The increase to 42T from 40T has not been a problem since I can now get to much bigger cogs in the back. The extra gearing has actually proven to be a benefit on flat stretches where I’m not loaded and want to go a little faster.

Plan C has been on for a few hundred miles and I expect this is finally the setup I’ll stick with.

Build a Wheel

The final drivetrain item is the construction of the rear wheel. I originally wanted to duplicate what I did on the Lizzard King, but the almost-indestructible SunRingle MTX39 rim was unavailable. The DT Swiss FR560 downhill rim is at least as strong, half the weight and twice the price. I’ve used them before and they are awesome so thats where I went.

I stuck with my usual DT Swiss 350 Classic ratchet engagement rear hub, with added ebike/tandem 24pt ratchet and steel cassette body upgrades. I’d have preferred a DT 350 Hybrid that includes these upgrades on a beefier hub, but just like the MTX39’s, they were nowhere to be found at the time. Spokes are Sapim Strongs with brass nipples.

The rear wheel is shod with a Schwalbe Marathon Plus Tour, which has a near-knobby articulated tread. Our local bike paths get covered in sand whenever the wind blows, which is a lot here.

This is a paved path about 15 feet wide and the main local urban cycling thoroughfare. It was buried in sand the day before when the wind kicked up. I need knobby tires year-round here.

The next step from the back of the bike forward is mid drive motor installation and (drumroll) configuration. That is a big enough topic to make this a good time to wrap up, take a breather and continue the story in the next post.

DIY Bicycle Front (And Rear) Dash Cam, Part 3

Here is a quick wrapup on DIY, ultra high-resolution bicycle dash cameras. We look at sharing between bikes and issues that go with routine daily use.

This is the conclusion of the topic introduced in Part 1, where started out by looking at the rationale and parts needed for a high-quality DIY front and rear dash camera solution.

Odds and Ends

I originally wrote most of what you see here within the Part 2 Installation and Config post, but for clarity and brevity’s sake its better suited to a short, separate treatment.

There are only a few things you will want to stay on top of when living with your dash cam setup. Lets go over them now.

Long Term Maintenance?

Camera Settings

Every once in a while, the camera will have a brainfart. One morning you will fire it up and it won’t work right. Investigation may lead you to discover it has reset itself to factory defaults. Thankfully, it only takes a couple of minutes to redo them – especially now that you have a guide to use to knock them out quickly.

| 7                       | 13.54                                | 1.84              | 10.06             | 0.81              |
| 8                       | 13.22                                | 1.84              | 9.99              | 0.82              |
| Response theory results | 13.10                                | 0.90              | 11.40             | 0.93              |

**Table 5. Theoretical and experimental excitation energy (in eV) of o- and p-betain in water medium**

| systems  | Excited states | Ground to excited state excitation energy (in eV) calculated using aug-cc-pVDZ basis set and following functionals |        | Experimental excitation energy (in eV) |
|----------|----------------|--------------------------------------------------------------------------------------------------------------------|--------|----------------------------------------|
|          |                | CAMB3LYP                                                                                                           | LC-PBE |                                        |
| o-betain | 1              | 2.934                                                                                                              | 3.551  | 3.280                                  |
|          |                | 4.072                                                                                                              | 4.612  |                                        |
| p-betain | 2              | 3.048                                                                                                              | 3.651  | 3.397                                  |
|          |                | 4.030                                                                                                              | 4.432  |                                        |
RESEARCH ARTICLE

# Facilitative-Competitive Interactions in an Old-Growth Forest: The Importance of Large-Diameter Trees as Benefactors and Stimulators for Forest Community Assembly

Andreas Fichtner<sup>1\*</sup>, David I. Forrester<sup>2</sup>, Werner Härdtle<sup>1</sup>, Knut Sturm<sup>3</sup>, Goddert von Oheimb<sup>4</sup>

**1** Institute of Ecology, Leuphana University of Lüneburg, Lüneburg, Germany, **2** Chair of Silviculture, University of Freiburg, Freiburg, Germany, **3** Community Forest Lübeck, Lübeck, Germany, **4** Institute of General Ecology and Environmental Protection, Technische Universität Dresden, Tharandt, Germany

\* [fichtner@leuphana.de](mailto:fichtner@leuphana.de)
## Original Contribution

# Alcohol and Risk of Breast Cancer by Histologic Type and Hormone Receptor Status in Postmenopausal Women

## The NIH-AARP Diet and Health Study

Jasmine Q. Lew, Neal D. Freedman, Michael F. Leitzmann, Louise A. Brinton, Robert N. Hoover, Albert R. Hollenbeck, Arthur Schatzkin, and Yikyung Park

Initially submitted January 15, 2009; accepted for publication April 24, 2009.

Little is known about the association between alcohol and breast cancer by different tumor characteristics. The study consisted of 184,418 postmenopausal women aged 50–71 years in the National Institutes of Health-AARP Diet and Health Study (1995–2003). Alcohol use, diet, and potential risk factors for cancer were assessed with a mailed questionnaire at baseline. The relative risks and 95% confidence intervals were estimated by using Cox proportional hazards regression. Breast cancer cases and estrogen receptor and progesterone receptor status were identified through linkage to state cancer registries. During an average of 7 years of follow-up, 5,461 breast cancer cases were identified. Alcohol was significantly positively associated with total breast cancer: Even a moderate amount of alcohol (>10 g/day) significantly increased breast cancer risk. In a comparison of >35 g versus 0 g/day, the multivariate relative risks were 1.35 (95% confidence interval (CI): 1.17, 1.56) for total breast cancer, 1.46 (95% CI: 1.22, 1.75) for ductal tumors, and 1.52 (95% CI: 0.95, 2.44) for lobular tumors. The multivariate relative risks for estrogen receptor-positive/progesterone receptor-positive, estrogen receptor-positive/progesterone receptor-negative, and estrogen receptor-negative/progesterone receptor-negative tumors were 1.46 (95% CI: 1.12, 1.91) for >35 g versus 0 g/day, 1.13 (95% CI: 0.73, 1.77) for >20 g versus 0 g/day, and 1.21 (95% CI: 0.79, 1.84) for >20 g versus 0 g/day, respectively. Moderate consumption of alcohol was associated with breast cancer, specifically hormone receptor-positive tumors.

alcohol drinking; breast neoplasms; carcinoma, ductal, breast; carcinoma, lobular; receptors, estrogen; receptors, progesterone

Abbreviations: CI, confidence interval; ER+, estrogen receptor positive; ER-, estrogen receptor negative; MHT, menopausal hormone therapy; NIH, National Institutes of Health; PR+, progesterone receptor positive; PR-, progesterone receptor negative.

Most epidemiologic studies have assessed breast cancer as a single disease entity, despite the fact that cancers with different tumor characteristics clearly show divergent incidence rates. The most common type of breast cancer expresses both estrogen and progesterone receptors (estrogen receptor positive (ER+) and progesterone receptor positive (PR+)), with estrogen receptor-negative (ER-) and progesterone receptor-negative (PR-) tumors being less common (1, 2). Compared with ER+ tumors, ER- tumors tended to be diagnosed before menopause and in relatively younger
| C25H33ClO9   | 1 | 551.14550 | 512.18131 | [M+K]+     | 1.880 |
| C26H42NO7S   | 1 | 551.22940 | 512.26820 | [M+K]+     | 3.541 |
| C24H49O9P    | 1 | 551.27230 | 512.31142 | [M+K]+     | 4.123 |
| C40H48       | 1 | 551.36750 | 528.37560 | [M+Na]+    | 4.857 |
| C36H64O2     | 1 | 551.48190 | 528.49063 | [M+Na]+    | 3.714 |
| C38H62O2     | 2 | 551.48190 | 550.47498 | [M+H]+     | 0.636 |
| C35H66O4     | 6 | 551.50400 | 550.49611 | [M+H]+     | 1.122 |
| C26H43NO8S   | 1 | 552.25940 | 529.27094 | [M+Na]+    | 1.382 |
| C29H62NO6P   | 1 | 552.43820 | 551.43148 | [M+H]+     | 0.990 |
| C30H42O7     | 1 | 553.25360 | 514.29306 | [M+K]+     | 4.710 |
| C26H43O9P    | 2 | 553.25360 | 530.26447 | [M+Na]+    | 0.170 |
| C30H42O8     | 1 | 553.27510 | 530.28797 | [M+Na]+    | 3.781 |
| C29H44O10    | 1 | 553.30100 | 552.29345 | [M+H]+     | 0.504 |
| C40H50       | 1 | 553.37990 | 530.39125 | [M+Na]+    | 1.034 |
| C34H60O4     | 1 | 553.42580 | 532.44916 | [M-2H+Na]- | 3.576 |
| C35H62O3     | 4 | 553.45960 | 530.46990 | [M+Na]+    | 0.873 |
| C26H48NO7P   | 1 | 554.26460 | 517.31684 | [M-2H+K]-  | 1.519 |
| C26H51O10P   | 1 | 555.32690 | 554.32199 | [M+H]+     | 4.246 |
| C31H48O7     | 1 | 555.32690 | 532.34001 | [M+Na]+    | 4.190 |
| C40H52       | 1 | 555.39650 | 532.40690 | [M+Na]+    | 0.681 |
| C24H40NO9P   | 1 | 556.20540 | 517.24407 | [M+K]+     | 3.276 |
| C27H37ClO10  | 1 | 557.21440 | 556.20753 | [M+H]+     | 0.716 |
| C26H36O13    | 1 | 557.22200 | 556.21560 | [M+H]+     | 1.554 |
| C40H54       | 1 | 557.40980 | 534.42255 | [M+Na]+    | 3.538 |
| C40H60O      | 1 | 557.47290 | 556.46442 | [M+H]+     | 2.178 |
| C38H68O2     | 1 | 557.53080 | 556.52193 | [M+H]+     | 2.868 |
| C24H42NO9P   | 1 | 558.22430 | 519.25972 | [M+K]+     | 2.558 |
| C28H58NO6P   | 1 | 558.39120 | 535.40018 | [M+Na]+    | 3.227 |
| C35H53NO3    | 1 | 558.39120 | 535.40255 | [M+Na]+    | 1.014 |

What I usually see is a message telling me “Memory card is full”. Which should never happen, because the camera is doing loop recording. It is supposed to automatically records over the oldest recording on the Micro SD card. So the card can’t fill up. But it did.

That is a sign that loop recording has shut off. Enable it again and you solve that problem, but if that setting reverted, very likely you will find they all changed. That includes both the video settings changes and the overall system settings. Literally this morning I just had to re-enable all of the video settings, and then also had to go into the system settings and a) redo the date/time formats and b) enable the date/time timestamp… but the camera still remembered the correct system time, so it wasn’t a total loss of memory (still, check the system time just in case) or a full reset.

Riding daily and thus needing two runs per day with the cameras – to the office and back home again – I find this happens about once a month with my older camera models (the one that balked this morning was an older Akaso V50 Elite, which I would not buy again now that the V50x is available). It has not yet happened with one of my V50x’s.


Over time the battery loses capacity. Not a big surprise as that is normal for a li-ion pack. Hooking up the camera to an external power source is a big help for this. The power source just keeps the li-ion pack inside the camera topped up… almost. It doesn’t replace it.

When the camera starts getting old, you start seeing a situation where even if the camera is connected to an external power supply, it still dies mid-ride. That is because running the camera at this high resolution and frame rate means it eats a tiny little bit more power than the power feed can pump back in. As the battery ages, this slight disparity catches up with the camera.

The solution: every week or two on an old camera I need to turn the camera power on and let the camera sit, turned off, and charge its battery. Then its good again for a couple weeks. This can be done while I am charging the bike so its no big deal. Also, since these cameras come with two batteries, switching them one for the other on occasion puts wear on both of them and staves off this issue for quite some time.

I have never had a battery get so worn I considered replacing the camera. So this is an issue but its not the end of the world.

Sharing Cameras Across Multiple Bikes

I shared a parts list in Part 1 already, but lets do another, slightly different one and look at project cost for one bike, then two.

front + rear cameras for single Bike:

Action Camera    US$90.00 x 2
SD Card             20.00 x 2
Front Camera Mount  18.00
Rear Camera Mount   12.00
27000mah Power Bank 30.00
USB Cables (2 pak)  11.00
Total Cost         291.00